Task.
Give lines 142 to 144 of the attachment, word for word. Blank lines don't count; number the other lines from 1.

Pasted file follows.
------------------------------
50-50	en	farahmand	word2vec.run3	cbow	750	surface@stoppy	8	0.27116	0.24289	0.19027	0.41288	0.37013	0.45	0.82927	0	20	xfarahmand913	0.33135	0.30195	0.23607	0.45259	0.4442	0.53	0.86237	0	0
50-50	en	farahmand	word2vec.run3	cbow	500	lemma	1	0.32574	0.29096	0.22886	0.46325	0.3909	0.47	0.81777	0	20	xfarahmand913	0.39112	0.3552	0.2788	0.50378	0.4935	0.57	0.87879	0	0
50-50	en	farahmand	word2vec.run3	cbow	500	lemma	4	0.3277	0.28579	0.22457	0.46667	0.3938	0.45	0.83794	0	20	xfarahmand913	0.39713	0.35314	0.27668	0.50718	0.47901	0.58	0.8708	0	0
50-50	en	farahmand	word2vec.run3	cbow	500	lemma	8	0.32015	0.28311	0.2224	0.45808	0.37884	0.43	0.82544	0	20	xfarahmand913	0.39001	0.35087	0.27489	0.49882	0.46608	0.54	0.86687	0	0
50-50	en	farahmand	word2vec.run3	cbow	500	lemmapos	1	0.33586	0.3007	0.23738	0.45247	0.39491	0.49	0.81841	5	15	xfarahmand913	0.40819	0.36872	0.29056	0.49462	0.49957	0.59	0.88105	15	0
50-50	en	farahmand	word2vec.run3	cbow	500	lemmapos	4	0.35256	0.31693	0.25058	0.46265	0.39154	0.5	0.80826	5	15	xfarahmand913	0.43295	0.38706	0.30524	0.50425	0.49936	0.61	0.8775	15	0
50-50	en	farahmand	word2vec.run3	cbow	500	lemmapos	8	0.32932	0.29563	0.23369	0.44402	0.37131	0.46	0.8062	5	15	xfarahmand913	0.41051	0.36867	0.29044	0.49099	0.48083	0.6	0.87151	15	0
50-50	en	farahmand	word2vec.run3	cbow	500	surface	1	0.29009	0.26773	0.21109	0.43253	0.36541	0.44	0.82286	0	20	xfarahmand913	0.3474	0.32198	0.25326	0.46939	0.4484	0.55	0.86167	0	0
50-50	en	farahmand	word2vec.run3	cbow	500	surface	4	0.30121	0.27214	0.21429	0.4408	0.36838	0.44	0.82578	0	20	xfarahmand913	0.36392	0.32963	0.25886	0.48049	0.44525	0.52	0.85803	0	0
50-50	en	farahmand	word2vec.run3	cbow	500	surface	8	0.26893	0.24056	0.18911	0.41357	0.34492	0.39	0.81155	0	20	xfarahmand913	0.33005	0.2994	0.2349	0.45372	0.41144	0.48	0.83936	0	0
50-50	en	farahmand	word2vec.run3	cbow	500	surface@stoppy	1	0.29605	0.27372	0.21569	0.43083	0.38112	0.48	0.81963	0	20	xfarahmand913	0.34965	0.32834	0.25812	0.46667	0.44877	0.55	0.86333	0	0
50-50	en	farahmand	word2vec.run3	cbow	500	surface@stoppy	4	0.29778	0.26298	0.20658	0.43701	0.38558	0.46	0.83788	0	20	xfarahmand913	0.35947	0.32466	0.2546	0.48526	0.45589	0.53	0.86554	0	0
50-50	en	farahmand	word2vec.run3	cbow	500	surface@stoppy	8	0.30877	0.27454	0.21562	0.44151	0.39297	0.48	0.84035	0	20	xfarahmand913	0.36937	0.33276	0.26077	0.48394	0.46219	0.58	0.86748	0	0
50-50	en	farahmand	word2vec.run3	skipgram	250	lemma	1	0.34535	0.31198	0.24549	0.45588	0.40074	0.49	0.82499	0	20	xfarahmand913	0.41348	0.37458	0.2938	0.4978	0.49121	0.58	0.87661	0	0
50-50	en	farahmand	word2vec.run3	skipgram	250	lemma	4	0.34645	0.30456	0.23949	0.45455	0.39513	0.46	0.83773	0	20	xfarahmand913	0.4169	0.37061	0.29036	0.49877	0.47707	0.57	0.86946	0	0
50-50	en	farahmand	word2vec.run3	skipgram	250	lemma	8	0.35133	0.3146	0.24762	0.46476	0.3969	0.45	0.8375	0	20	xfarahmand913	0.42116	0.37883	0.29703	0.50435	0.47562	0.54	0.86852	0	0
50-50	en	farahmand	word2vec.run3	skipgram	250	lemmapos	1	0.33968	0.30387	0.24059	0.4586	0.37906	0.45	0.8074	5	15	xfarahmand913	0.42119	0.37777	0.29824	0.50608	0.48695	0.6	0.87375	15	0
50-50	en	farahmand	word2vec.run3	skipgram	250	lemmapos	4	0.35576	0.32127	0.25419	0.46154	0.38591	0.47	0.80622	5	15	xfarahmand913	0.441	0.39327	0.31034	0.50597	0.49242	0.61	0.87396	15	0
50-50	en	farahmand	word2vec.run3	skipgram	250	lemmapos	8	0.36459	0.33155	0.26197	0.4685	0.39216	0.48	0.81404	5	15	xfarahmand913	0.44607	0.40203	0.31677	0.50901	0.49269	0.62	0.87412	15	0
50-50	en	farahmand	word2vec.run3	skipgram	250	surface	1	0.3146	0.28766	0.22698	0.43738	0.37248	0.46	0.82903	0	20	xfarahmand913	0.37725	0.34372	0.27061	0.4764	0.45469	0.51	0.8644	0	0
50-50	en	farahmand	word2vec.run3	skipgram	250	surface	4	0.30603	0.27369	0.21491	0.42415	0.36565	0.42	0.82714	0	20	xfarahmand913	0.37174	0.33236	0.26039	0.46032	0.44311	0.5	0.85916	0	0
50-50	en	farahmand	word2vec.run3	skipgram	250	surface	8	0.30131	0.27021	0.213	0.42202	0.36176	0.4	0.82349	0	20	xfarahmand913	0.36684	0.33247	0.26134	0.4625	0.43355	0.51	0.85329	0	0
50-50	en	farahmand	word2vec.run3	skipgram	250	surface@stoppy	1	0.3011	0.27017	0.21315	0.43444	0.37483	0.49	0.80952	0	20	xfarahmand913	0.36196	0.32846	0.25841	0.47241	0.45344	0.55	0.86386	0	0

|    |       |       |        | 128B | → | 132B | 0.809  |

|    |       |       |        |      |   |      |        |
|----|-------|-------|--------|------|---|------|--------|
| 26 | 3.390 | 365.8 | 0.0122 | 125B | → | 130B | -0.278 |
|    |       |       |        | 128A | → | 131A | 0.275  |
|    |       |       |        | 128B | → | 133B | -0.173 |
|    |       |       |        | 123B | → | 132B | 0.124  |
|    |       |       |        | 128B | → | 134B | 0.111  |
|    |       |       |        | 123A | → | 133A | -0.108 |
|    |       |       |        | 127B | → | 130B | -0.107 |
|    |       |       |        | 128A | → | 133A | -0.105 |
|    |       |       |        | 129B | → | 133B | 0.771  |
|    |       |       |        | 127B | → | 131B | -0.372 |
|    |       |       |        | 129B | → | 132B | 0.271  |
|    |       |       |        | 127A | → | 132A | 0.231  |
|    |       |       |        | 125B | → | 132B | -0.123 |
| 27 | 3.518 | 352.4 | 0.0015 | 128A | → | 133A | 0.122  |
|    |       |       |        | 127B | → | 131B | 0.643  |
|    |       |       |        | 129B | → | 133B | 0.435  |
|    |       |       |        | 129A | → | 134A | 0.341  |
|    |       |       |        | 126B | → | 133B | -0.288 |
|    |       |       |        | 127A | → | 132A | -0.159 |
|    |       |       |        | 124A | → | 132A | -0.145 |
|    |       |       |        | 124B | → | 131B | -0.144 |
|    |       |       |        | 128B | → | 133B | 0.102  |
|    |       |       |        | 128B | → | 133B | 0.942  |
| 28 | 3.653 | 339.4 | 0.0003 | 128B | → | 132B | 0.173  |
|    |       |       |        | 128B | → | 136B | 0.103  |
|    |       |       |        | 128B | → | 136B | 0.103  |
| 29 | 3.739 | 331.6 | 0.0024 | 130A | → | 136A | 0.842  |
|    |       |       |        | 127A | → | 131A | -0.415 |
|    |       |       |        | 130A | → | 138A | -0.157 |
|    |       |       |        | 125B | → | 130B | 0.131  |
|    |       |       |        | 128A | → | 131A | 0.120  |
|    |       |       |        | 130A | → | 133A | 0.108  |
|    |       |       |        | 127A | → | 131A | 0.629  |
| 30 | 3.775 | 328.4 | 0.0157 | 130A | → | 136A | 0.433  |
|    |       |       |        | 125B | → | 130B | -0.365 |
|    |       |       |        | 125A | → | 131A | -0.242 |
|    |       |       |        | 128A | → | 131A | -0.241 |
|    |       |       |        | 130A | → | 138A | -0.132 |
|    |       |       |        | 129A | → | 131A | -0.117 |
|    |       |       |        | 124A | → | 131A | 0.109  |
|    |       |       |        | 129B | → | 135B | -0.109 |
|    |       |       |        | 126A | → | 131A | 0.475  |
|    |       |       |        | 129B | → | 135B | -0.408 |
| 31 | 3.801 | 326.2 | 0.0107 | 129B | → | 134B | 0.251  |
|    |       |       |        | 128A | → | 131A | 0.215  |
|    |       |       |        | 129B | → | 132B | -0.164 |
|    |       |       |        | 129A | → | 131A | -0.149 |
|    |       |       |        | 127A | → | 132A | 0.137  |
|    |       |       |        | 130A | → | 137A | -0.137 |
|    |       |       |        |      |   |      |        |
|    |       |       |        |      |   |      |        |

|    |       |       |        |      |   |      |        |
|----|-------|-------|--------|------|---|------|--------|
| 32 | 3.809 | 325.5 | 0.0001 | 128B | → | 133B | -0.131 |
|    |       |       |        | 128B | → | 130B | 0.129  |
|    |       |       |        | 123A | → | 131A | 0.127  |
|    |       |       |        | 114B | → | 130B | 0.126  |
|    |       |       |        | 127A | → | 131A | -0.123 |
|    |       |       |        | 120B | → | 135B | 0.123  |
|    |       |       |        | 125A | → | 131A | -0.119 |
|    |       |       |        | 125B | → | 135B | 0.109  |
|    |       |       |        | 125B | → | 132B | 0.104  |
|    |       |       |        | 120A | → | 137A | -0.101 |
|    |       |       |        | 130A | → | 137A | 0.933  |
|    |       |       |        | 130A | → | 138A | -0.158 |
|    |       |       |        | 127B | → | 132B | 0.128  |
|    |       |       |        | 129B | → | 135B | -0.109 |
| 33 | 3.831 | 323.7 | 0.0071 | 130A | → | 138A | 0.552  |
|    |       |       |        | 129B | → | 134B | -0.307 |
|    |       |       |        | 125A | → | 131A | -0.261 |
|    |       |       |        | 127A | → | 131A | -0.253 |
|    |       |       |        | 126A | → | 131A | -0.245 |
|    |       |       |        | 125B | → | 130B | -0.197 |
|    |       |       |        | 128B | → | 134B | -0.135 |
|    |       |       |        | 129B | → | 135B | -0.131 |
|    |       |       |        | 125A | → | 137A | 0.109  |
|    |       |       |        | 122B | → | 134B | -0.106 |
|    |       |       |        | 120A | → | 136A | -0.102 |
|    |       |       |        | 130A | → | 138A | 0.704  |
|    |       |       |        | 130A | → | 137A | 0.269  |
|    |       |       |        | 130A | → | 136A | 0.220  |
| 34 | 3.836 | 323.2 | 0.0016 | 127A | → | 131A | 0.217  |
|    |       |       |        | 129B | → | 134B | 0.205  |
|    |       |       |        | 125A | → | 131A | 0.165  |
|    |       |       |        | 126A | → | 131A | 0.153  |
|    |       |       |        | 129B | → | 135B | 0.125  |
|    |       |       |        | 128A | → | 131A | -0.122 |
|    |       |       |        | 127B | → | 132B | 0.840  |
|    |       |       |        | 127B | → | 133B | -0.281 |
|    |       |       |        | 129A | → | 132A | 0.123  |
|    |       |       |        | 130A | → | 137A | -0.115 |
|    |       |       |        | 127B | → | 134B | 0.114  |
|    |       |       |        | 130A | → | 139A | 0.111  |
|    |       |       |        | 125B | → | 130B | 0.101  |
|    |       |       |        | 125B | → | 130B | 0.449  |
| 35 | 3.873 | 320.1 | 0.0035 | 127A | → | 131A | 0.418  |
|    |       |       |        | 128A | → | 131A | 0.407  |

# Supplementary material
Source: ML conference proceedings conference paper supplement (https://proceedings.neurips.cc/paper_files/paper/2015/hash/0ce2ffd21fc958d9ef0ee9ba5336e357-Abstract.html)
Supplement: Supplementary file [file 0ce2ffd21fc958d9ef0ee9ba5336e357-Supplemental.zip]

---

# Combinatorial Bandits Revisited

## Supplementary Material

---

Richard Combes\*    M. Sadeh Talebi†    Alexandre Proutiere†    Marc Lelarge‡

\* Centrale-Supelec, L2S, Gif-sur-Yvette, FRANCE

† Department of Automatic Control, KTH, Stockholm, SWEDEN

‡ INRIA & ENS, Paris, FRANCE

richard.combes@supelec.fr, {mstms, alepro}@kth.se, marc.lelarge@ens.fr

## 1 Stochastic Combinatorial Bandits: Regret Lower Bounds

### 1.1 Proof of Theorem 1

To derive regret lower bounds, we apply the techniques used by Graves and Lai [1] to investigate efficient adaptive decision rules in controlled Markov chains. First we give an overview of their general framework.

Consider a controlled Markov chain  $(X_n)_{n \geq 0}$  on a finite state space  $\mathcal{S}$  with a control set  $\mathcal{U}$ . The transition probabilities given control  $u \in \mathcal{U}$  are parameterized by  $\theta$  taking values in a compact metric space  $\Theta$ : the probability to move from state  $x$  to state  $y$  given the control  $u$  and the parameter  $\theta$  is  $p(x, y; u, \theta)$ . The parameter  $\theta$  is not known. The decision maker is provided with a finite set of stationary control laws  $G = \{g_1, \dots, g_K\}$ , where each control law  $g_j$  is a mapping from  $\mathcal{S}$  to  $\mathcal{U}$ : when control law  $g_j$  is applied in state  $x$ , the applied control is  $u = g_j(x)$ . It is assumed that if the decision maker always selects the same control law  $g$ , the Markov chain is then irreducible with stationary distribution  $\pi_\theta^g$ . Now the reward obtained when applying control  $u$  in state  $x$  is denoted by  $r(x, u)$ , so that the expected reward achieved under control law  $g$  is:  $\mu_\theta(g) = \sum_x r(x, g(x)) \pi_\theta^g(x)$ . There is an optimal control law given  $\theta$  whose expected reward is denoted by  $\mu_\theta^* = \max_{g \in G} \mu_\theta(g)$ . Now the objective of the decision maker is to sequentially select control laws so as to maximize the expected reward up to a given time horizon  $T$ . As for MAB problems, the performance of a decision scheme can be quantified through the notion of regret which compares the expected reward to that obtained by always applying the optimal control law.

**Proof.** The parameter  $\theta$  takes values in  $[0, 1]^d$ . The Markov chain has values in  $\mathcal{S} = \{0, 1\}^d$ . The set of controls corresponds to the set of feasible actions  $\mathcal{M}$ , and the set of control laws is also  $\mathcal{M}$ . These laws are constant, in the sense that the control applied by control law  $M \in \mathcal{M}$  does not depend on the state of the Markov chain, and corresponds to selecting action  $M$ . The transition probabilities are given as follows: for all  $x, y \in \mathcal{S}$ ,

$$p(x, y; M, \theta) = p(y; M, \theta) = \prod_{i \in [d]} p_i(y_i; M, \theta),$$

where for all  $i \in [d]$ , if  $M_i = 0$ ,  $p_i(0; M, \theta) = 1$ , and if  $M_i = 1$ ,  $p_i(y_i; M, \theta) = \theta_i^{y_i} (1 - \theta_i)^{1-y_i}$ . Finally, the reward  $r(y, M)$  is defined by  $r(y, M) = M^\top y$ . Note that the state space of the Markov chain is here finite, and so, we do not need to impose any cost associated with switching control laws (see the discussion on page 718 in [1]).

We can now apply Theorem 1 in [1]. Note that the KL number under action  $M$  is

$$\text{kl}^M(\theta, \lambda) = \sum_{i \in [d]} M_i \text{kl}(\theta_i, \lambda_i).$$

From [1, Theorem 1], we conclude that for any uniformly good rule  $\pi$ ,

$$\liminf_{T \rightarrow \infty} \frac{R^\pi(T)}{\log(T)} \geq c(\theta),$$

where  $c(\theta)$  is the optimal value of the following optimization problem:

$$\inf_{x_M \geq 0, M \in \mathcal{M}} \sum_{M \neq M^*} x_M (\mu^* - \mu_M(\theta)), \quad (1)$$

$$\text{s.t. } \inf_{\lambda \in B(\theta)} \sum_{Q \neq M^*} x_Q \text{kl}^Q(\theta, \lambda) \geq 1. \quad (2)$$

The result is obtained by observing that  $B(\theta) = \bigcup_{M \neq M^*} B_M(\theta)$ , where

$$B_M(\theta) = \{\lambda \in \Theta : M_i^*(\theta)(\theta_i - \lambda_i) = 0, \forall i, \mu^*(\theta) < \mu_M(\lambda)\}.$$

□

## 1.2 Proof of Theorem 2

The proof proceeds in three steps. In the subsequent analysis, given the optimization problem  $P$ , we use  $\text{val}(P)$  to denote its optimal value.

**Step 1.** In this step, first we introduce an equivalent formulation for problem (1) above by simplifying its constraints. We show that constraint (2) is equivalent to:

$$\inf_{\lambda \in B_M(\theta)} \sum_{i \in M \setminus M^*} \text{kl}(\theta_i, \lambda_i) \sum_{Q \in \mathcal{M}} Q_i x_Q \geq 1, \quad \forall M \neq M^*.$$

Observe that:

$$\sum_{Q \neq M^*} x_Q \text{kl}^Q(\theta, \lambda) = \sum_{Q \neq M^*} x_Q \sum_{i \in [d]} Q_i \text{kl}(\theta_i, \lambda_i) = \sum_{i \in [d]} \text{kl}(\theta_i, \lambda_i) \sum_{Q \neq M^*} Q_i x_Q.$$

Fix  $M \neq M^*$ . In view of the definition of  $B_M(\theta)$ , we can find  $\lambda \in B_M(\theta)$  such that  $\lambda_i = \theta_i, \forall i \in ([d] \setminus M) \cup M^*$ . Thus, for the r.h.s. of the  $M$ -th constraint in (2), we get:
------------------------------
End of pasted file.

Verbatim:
where for all  $i \in [d]$ , if  $M_i = 0$ ,  $p_i(0; M, \theta) = 1$ , and if  $M_i = 1$ ,  $p_i(y_i; M, \theta) = \theta_i^{y_i} (1 - \theta_i)^{1-y_i}$ . Finally, the reward  $r(y, M)$  is defined by  $r(y, M) = M^\top y$ . Note that the state space of the Markov chain is here finite, and so, we do not need to impose any cost associated with switching control laws (see the discussion on page 718 in [1]).

We can now apply Theorem 1 in [1]. Note that the KL number under action  $M$  is

$$\text{kl}^M(\theta, \lambda) = \sum_{i \in [d]} M_i \text{kl}(\theta_i, \lambda_i).$$